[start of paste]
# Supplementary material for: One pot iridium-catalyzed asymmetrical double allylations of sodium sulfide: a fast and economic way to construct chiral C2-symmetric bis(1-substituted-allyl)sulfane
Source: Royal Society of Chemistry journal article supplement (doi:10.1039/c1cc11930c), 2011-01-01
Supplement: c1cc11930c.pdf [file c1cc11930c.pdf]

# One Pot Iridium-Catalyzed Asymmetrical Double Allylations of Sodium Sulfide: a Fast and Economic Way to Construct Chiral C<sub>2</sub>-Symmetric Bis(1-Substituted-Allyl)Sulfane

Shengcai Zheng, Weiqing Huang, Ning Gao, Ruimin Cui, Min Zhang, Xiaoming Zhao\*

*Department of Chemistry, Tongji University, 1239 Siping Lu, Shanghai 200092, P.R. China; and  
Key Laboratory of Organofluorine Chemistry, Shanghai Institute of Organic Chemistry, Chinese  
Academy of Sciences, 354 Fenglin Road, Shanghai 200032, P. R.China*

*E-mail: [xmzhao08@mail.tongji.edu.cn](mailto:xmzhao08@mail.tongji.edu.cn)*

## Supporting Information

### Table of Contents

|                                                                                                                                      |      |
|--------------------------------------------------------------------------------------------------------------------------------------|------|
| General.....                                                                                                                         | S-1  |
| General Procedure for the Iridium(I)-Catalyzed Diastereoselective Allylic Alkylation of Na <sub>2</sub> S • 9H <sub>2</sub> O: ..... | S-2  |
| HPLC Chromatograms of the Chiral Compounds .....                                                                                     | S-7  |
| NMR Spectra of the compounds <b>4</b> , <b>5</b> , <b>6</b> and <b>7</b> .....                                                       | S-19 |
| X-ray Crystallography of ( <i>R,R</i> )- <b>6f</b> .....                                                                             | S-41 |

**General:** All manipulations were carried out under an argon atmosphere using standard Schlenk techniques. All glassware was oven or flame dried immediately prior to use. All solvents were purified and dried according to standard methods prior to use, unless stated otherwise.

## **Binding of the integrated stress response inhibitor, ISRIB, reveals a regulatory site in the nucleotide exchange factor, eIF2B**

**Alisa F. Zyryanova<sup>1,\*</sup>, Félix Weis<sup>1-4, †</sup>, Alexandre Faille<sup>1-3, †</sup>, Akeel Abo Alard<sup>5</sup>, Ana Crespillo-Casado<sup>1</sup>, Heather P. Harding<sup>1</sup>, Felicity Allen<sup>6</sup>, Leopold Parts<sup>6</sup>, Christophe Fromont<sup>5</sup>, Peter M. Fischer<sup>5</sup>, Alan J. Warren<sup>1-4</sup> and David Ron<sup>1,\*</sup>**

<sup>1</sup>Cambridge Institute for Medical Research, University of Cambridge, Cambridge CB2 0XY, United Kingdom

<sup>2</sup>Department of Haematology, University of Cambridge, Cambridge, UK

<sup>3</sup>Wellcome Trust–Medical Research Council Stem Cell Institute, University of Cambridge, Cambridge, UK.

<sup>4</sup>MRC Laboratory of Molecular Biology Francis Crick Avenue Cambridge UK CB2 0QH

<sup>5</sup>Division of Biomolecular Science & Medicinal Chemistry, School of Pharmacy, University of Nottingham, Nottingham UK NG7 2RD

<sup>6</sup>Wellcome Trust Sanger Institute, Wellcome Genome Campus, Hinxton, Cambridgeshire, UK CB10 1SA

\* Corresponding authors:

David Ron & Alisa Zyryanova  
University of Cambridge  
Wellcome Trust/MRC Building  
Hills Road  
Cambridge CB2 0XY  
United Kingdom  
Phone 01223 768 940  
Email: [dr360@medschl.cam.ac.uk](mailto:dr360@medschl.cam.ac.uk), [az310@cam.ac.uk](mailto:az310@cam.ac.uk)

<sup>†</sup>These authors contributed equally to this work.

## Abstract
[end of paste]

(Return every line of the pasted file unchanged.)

# Supplementary material for: One pot iridium-catalyzed asymmetrical double allylations of sodium sulfide: a fast and economic way to construct chiral C2-symmetric bis(1-substituted-allyl)sulfane
Source: Royal Society of Chemistry journal article supplement (doi:10.1039/c1cc11930c), 2011-01-01
Supplement: c1cc11930c.pdf [file c1cc11930c.pdf]

# One Pot Iridium-Catalyzed Asymmetrical Double Allylations of Sodium Sulfide: a Fast and Economic Way to Construct Chiral C<sub>2</sub>-Symmetric Bis(1-Substituted-Allyl)Sulfane

Shengcai Zheng, Weiqing Huang, Ning Gao, Ruimin Cui, Min Zhang, Xiaoming Zhao\*

*Department of Chemistry, Tongji University, 1239 Siping Lu, Shanghai 200092, P.R. China; and  
Key Laboratory of Organofluorine Chemistry, Shanghai Institute of Organic Chemistry, Chinese  
Academy of Sciences, 354 Fenglin Road, Shanghai 200032, P. R.China*

*E-mail: [xmzhao08@mail.tongji.edu.cn](mailto:xmzhao08@mail.tongji.edu.cn)*

## Supporting Information

### Table of Contents

|                                                                                                                                      |      |
|--------------------------------------------------------------------------------------------------------------------------------------|------|
| General.....                                                                                                                         | S-1  |
| General Procedure for the Iridium(I)-Catalyzed Diastereoselective Allylic Alkylation of Na <sub>2</sub> S • 9H <sub>2</sub> O: ..... | S-2  |
| HPLC Chromatograms of the Chiral Compounds .....                                                                                     | S-7  |
| NMR Spectra of the compounds <b>4</b> , <b>5</b> , <b>6</b> and <b>7</b> .....                                                       | S-19 |
| X-ray Crystallography of ( <i>R,R</i> )- <b>6f</b> .....                                                                             | S-41 |

**General:** All manipulations were carried out under an argon atmosphere using standard Schlenk techniques. All glassware was oven or flame dried immediately prior to use. All solvents were purified and dried according to standard methods prior to use, unless stated otherwise.

## **Binding of the integrated stress response inhibitor, ISRIB, reveals a regulatory site in the nucleotide exchange factor, eIF2B**

**Alisa F. Zyryanova<sup>1,\*</sup>, Félix Weis<sup>1-4, †</sup>, Alexandre Faille<sup>1-3, †</sup>, Akeel Abo Alard<sup>5</sup>, Ana Crespillo-Casado<sup>1</sup>, Heather P. Harding<sup>1</sup>, Felicity Allen<sup>6</sup>, Leopold Parts<sup>6</sup>, Christophe Fromont<sup>5</sup>, Peter M. Fischer<sup>5</sup>, Alan J. Warren<sup>1-4</sup> and David Ron<sup>1,\*</sup>**

<sup>1</sup>Cambridge Institute for Medical Research, University of Cambridge, Cambridge CB2 0XY, United Kingdom

<sup>2</sup>Department of Haematology, University of Cambridge, Cambridge, UK

<sup>3</sup>Wellcome Trust–Medical Research Council Stem Cell Institute, University of Cambridge, Cambridge, UK.

<sup>4</sup>MRC Laboratory of Molecular Biology Francis Crick Avenue Cambridge UK CB2 0QH

<sup>5</sup>Division of Biomolecular Science & Medicinal Chemistry, School of Pharmacy, University of Nottingham, Nottingham UK NG7 2RD

<sup>6</sup>Wellcome Trust Sanger Institute, Wellcome Genome Campus, Hinxton, Cambridgeshire, UK CB10 1SA

\* Corresponding authors:

David Ron & Alisa Zyryanova  
University of Cambridge  
Wellcome Trust/MRC Building  
Hills Road  
Cambridge CB2 0XY  
United Kingdom  
Phone 01223 768 940  
Email: [dr360@medschl.cam.ac.uk](mailto:dr360@medschl.cam.ac.uk), [az310@cam.ac.uk](mailto:az310@cam.ac.uk)

<sup>†</sup>These authors contributed equally to this work.

## Abstract